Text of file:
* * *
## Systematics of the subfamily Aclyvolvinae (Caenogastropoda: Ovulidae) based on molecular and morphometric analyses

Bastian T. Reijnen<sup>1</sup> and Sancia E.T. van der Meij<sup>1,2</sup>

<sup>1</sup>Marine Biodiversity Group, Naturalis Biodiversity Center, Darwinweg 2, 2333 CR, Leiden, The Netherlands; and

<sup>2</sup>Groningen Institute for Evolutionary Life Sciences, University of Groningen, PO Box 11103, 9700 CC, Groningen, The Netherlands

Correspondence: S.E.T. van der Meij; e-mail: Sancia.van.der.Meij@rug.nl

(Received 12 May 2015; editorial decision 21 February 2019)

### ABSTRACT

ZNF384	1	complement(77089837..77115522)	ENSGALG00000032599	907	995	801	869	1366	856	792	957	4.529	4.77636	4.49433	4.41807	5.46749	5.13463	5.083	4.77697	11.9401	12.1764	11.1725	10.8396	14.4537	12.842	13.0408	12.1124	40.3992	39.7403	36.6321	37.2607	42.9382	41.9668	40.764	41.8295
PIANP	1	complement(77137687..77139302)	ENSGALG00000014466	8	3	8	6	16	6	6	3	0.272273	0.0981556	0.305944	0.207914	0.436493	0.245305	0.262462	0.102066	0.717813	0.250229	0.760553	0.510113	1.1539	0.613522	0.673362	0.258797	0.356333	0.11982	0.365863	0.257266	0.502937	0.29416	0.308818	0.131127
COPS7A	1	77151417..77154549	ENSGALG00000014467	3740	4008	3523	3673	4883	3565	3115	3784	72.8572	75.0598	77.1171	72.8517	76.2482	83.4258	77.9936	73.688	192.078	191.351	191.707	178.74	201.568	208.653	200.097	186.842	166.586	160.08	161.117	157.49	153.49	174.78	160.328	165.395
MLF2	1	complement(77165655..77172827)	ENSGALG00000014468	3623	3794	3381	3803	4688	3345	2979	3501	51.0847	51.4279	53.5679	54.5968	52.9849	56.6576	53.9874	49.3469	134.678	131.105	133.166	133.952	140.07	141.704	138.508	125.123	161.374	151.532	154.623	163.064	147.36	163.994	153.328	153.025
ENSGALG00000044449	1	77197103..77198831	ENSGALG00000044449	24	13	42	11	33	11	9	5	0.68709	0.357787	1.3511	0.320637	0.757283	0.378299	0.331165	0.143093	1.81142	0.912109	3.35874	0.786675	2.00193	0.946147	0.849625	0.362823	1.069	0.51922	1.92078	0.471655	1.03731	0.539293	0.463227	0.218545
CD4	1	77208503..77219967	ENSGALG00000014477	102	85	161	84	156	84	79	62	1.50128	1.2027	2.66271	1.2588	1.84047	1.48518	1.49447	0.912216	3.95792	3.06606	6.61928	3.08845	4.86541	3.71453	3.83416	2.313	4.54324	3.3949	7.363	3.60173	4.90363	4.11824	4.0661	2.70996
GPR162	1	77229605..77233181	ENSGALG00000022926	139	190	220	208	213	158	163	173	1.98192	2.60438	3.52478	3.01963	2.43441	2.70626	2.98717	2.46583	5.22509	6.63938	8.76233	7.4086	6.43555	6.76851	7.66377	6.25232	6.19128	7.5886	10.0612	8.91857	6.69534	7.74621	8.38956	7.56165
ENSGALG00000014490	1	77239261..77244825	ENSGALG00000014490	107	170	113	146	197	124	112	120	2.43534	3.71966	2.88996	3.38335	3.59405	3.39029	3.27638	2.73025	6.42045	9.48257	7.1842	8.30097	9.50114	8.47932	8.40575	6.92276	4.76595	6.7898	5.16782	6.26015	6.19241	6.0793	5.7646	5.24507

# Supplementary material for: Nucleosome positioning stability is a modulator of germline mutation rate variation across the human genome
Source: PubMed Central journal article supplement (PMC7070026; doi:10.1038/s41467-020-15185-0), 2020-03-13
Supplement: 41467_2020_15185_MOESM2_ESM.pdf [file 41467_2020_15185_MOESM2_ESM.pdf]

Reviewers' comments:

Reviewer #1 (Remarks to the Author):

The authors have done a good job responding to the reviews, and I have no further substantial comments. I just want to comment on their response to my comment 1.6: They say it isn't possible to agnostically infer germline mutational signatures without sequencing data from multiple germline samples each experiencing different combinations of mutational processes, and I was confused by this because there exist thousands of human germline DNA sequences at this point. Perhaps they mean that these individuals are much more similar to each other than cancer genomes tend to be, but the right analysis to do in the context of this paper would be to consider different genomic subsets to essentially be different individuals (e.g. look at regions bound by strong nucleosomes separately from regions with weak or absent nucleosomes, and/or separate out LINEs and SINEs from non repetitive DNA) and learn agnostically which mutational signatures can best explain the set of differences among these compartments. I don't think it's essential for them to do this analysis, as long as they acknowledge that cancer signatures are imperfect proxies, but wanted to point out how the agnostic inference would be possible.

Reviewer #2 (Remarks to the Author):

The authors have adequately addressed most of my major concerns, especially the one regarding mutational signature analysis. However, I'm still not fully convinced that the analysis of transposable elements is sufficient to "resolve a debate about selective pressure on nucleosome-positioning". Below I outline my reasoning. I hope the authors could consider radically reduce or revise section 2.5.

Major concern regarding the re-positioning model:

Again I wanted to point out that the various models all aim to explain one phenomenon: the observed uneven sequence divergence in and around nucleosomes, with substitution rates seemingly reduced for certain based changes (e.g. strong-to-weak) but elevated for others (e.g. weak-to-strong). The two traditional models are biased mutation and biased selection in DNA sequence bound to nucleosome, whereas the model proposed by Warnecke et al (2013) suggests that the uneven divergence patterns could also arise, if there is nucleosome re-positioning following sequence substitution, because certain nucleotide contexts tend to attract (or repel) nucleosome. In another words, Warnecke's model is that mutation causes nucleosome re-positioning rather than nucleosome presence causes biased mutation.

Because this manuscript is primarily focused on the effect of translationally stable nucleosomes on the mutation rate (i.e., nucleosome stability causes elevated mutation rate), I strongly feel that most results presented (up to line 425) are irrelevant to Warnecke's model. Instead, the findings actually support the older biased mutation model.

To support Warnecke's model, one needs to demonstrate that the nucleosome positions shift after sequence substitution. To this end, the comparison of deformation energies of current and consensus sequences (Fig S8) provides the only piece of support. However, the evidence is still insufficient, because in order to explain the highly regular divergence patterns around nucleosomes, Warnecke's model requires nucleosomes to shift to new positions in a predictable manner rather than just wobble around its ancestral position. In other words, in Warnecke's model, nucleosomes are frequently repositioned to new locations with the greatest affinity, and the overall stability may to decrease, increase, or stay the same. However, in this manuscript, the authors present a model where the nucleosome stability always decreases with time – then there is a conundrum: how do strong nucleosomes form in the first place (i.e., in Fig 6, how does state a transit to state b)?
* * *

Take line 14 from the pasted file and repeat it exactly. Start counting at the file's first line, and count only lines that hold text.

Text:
GPR162	1	77229605..77233181	ENSGALG00000022926	139	190	220	208	213	158	163	173	1.98192	2.60438	3.52478	3.01963	2.43441	2.70626	2.98717	2.46583	5.22509	6.63938	8.76233	7.4086	6.43555	6.76851	7.66377	6.25232	6.19128	7.5886	10.0612	8.91857	6.69534	7.74621	8.38956	7.56165